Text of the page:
Tesla founder, Elon Musk is well known for pushing the limits, as his visionary achievements with PayPal, Space-X and Tesla itself attest.
But sometimes that trait can lead to pushing the limits of credibility, as was the case with a recent press release from Tesla, touting the crash performance of the Tesla Model S.
It wasn't that the car performed poorly. Quite the contrary. It achieved five-star ratings in each of the crash-test modes prescribed by the U.S.National Highway Traffic Safety Administration (NHTSA), as well as five stars overall – the highest ratings possible.
It's an impressive result. But not impressive enough for Tesla, apparently.
While it's not the only car to have achieved an overall five-star rating, the company announced that it was the best safety rating of any car ever tested, then went a step further.
While acknowledging that NHTSA does not publish a star rating above 5, Tesla said safety levels better than 5 stars are captured in the overall Vehicle Safety Score (VSS) provided to manufacturers. And it interpreted those results as "a new combined record of 5.4 stars" for the Model S.
NHTSA quickly responded with what could be considered a slap on the wrist for Tesla, by posting the following notice on its website:
"NHTSA does not rate vehicles beyond 5 stars and does not rank or order vehicles within the star rating categories. In addition, the agency has guidelines in place for manufacturers and advertising agencies to follow to ensure that accurate and consistent information is conveyed to the public."
Those guidelines "strongly discourage" the use of superlatives such as "safest" or "best in class."
NHTSA's reprimand notwithstanding, the Tesla S did pass the government-mandated crash tests by significant margins.
In the frontal crash test, its good performance was attributed to the lack of a rigid gasoline engine up front, thus enabling a long crumple zone to help absorb a high speed impact. (The Model S's electric motor is mounted in the rear.)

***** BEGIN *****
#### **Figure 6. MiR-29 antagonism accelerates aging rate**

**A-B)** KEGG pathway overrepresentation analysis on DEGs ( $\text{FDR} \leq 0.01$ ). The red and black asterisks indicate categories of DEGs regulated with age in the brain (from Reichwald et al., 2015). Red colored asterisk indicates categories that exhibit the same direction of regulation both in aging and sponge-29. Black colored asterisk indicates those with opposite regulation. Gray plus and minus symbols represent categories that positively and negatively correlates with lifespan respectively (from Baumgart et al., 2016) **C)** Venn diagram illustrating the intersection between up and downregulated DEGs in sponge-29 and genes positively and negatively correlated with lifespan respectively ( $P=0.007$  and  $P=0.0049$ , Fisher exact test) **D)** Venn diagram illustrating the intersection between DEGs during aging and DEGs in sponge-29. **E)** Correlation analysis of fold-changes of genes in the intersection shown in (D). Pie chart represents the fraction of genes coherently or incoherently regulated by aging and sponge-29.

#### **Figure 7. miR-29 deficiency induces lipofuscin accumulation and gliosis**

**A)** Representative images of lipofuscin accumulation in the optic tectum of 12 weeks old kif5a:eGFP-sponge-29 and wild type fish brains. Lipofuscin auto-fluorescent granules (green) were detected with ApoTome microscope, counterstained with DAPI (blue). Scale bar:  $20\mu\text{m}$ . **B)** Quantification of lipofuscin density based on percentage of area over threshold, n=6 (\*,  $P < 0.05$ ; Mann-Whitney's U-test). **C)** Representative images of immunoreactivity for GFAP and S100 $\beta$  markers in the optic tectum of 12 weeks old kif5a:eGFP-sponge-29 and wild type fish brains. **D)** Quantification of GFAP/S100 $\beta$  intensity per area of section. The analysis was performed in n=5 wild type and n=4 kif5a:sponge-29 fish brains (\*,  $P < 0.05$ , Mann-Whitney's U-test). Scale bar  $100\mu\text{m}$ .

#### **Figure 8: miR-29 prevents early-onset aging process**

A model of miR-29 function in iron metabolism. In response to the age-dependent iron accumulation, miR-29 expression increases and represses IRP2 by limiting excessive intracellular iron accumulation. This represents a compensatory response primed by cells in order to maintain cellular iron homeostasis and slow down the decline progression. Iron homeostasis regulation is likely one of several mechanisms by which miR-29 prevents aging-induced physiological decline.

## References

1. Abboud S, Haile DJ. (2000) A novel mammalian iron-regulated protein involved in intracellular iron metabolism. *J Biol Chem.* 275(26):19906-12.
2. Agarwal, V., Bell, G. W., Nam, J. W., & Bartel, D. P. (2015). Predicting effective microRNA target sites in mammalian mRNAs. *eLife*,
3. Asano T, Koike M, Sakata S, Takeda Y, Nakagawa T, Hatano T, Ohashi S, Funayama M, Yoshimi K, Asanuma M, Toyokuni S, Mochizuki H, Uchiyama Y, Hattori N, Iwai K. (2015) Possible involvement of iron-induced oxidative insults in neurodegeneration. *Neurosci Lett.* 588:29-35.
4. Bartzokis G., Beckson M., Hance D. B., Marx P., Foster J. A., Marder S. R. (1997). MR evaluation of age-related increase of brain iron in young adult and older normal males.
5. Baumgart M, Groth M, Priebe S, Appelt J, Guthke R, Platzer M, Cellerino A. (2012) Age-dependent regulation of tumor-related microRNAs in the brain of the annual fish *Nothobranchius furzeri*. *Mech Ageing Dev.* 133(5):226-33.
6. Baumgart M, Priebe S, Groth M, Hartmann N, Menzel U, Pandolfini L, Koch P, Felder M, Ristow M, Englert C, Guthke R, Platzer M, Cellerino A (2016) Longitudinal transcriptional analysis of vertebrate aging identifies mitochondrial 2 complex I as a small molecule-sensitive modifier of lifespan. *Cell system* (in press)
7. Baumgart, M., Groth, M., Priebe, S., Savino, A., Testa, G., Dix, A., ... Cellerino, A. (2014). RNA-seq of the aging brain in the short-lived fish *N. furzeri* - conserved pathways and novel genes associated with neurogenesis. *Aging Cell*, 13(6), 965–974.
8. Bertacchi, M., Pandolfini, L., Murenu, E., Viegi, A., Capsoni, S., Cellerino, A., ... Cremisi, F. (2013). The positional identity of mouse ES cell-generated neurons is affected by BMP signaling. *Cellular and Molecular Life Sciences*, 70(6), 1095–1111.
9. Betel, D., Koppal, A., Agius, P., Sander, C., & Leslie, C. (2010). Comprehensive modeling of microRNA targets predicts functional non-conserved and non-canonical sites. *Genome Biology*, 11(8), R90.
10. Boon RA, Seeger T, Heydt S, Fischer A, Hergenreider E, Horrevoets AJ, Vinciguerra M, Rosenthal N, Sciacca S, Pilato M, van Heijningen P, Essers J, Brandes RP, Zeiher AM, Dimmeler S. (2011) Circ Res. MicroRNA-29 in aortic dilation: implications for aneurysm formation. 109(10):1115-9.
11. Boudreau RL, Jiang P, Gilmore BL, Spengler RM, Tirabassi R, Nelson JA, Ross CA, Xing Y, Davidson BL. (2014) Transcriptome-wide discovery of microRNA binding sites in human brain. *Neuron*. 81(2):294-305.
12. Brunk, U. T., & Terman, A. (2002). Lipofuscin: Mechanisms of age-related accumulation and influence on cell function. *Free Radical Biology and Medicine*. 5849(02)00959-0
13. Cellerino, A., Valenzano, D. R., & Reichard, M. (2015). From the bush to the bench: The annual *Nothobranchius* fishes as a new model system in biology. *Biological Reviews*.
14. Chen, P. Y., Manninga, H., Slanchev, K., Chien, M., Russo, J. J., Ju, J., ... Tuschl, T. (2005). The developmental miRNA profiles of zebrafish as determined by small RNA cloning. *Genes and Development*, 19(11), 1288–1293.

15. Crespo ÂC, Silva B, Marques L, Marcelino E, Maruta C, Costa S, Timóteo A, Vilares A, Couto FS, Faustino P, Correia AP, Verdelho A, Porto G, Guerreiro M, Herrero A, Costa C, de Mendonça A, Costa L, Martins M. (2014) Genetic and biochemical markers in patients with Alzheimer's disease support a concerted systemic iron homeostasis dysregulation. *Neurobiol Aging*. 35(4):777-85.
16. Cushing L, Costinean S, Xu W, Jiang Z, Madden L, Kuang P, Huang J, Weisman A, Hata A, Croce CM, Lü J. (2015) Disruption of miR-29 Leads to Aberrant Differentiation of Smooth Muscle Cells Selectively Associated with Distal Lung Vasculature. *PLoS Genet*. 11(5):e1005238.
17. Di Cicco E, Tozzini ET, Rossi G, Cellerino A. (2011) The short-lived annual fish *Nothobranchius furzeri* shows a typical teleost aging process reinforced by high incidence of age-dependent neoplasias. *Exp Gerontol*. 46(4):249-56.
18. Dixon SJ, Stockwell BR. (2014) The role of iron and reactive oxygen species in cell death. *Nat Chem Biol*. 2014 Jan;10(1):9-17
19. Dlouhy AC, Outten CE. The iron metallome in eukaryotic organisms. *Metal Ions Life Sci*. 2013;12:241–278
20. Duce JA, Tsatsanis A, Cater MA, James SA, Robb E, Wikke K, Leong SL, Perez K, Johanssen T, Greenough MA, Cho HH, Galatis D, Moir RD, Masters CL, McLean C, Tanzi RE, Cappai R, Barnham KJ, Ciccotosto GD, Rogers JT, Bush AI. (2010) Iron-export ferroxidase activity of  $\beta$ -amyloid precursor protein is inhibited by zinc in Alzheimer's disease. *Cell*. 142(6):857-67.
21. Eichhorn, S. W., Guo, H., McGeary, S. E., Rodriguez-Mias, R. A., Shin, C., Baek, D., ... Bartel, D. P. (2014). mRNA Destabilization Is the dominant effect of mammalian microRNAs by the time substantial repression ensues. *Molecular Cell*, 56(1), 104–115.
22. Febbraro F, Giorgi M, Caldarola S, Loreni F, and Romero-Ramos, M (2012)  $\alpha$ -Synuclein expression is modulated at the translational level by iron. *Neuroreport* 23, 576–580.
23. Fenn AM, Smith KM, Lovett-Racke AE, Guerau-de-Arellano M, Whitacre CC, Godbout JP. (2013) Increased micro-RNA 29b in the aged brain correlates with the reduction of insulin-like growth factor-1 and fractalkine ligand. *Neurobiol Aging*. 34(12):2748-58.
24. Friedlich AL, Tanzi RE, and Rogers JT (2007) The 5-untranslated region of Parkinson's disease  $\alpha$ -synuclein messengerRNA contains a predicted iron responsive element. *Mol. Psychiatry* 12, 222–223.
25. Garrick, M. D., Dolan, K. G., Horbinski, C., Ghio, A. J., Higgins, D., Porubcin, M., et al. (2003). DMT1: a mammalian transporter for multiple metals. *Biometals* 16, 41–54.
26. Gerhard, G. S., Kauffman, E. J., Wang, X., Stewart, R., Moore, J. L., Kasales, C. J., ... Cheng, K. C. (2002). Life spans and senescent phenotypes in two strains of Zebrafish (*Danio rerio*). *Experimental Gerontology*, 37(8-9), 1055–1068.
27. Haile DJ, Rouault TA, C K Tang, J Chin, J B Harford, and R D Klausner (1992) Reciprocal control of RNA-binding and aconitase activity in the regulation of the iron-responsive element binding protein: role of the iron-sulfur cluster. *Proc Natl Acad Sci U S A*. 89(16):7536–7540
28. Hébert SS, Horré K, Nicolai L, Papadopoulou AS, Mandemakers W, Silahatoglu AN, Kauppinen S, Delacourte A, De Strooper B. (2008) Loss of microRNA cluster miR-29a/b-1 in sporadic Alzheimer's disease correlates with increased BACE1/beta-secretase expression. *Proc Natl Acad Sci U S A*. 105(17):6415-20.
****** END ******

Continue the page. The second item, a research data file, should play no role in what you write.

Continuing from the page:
For the side pole intrusion test, considered one of the most difficult to pass, the Model S was the only car in the "good" category among the other top one-percent of vehicles tested. Compared to the Volvo S60, which also achieved 5-star ratings in all categories, the Model S was said to preserved 63.5% of the driver's residual space, compared to 7.8% for the Volvo.
For protection in a rear-end crash Tesla installs a double bumper if a third row seat is ordered.
The Model S particularly excelled in terms of rollover risk, because of the low centre-of-gravity (CG) resulting from mounting of the cars batteries (its greatest concentration of mass) below the floor pan.
In terms of roof crush protection, the Model S sustained the equivalent of more than four similar vehicles stacked on top without the roof caving in.
It is important to note that the NHTSA star rating system is based on performance in the crash and safety tests mandated by the U.S. and Canadian governments. The are different from tests and ratings established by the U.S.-based Insurance Institute for Highway Safety (IIHS).
IIHS test results, which are frequently cited in vehicle advertising, tend to be more severe than the mandated government tests.
It should also be noted that both sets of ratings are based on occupant protection in the event of a crash and do not consider the effects of crash-avoidance technologies.